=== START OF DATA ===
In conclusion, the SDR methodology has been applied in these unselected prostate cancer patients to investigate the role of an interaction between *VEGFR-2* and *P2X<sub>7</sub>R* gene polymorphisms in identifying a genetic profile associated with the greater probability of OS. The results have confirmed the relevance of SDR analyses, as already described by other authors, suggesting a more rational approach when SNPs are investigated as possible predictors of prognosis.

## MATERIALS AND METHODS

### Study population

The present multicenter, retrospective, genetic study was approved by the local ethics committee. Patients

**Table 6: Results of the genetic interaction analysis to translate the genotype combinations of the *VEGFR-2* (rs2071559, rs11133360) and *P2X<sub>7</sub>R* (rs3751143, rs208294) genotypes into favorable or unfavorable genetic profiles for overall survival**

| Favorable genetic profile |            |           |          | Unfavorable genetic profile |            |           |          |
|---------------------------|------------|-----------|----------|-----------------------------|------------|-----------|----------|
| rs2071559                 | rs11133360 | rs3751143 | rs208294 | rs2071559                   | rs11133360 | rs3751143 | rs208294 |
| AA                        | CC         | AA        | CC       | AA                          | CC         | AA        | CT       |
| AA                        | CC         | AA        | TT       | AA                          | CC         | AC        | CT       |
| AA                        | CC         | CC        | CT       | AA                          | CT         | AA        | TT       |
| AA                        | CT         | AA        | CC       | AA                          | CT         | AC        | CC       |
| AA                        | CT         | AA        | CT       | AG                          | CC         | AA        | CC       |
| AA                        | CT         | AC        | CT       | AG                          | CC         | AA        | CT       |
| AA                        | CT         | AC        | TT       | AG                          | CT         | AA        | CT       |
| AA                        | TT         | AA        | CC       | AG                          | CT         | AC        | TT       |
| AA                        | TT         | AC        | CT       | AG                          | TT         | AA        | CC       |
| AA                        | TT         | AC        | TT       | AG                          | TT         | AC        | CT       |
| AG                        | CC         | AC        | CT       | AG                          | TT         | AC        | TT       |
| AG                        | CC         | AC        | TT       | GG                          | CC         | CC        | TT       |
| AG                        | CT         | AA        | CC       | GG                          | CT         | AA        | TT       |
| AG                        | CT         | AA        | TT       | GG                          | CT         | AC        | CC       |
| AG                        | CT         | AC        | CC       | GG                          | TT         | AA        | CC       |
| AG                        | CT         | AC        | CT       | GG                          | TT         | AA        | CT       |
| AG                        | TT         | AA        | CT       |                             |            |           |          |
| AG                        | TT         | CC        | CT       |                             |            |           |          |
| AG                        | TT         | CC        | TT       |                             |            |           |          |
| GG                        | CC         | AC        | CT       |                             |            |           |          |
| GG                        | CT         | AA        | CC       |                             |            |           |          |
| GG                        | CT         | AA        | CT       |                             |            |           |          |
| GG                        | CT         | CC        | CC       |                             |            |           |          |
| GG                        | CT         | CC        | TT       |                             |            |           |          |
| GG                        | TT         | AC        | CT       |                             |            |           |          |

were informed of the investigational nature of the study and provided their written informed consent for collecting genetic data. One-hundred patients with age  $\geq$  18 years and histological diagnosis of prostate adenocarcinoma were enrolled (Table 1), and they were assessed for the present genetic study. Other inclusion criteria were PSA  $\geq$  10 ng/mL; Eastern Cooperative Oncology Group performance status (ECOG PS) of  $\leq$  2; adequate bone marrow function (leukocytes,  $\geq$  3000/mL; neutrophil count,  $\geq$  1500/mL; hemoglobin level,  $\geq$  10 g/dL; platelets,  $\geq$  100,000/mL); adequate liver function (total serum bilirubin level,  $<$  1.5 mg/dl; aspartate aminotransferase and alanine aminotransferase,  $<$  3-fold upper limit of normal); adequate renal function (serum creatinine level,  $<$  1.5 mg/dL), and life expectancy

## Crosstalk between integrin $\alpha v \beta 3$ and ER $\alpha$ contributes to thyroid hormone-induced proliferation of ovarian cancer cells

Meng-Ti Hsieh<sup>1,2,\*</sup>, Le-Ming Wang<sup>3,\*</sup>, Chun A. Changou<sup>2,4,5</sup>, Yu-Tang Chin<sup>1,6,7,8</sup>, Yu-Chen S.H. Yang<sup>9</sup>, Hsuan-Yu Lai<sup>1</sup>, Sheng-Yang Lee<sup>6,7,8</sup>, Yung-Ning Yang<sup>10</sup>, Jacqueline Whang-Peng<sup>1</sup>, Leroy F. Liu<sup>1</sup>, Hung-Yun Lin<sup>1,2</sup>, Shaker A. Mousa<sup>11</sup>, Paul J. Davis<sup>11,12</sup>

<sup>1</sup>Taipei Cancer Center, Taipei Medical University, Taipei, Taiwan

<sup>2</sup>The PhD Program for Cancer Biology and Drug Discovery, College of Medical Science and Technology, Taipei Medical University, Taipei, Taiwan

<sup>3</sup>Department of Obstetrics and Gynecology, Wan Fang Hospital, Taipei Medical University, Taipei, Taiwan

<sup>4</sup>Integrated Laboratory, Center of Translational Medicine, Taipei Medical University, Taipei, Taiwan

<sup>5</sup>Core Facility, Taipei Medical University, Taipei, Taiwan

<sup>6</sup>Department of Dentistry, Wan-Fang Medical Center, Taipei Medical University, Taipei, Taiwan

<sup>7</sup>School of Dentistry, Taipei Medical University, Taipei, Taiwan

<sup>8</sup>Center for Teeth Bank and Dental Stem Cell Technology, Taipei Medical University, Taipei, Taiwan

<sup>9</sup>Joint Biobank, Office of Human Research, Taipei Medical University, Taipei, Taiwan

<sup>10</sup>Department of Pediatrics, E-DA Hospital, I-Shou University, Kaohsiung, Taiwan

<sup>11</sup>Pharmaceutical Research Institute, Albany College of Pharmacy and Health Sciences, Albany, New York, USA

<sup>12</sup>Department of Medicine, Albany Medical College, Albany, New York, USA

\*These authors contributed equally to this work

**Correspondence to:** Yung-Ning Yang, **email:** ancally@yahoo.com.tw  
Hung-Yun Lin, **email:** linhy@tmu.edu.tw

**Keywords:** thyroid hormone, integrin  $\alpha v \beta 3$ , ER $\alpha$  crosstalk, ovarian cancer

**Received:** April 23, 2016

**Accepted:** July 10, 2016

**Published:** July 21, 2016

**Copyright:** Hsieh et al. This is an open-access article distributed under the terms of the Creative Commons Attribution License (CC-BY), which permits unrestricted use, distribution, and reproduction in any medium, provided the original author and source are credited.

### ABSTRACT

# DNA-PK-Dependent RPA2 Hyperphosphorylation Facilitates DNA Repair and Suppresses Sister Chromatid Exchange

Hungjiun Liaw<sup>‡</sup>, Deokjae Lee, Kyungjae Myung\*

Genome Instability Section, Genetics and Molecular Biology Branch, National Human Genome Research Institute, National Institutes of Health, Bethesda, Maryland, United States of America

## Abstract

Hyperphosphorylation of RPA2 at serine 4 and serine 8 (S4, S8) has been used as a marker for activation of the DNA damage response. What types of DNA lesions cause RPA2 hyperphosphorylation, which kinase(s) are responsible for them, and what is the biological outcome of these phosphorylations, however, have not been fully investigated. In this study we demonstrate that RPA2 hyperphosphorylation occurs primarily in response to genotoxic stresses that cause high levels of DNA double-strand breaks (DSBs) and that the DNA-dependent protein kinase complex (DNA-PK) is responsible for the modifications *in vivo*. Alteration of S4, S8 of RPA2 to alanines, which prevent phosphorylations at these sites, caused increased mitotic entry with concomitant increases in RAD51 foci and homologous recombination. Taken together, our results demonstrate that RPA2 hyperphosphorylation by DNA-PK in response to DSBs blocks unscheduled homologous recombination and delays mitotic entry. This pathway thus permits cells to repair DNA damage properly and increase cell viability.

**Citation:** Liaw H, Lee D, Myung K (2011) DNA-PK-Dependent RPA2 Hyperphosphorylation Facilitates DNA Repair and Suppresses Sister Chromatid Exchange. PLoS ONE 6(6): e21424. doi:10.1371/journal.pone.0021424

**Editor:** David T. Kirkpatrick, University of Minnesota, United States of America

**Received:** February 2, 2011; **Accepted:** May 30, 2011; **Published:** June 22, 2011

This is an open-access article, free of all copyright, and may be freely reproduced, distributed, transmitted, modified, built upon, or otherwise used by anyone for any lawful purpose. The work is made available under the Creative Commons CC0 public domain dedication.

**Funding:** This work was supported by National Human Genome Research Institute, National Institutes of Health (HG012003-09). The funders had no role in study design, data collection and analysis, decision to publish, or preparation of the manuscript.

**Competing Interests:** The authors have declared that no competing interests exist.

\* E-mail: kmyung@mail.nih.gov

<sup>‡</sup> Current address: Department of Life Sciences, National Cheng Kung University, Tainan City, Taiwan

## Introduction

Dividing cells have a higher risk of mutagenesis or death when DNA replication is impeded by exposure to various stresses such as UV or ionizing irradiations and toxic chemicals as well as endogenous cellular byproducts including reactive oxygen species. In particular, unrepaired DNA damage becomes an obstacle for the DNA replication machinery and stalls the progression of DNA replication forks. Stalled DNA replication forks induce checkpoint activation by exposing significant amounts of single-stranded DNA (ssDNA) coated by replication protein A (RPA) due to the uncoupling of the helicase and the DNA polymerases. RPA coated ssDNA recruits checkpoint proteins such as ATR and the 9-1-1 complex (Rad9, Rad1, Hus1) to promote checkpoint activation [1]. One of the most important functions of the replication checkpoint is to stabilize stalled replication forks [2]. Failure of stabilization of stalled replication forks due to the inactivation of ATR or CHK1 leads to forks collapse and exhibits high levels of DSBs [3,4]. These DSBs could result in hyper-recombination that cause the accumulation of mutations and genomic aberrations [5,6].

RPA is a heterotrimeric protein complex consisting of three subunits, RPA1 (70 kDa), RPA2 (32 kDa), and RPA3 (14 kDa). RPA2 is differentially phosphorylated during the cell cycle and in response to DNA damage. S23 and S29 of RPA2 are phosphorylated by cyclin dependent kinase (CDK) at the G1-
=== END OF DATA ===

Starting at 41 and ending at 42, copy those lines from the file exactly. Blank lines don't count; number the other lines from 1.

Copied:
<sup>5</sup>Core Facility, Taipei Medical University, Taipei, Taiwan

<sup>6</sup>Department of Dentistry, Wan-Fang Medical Center, Taipei Medical University, Taipei, Taiwan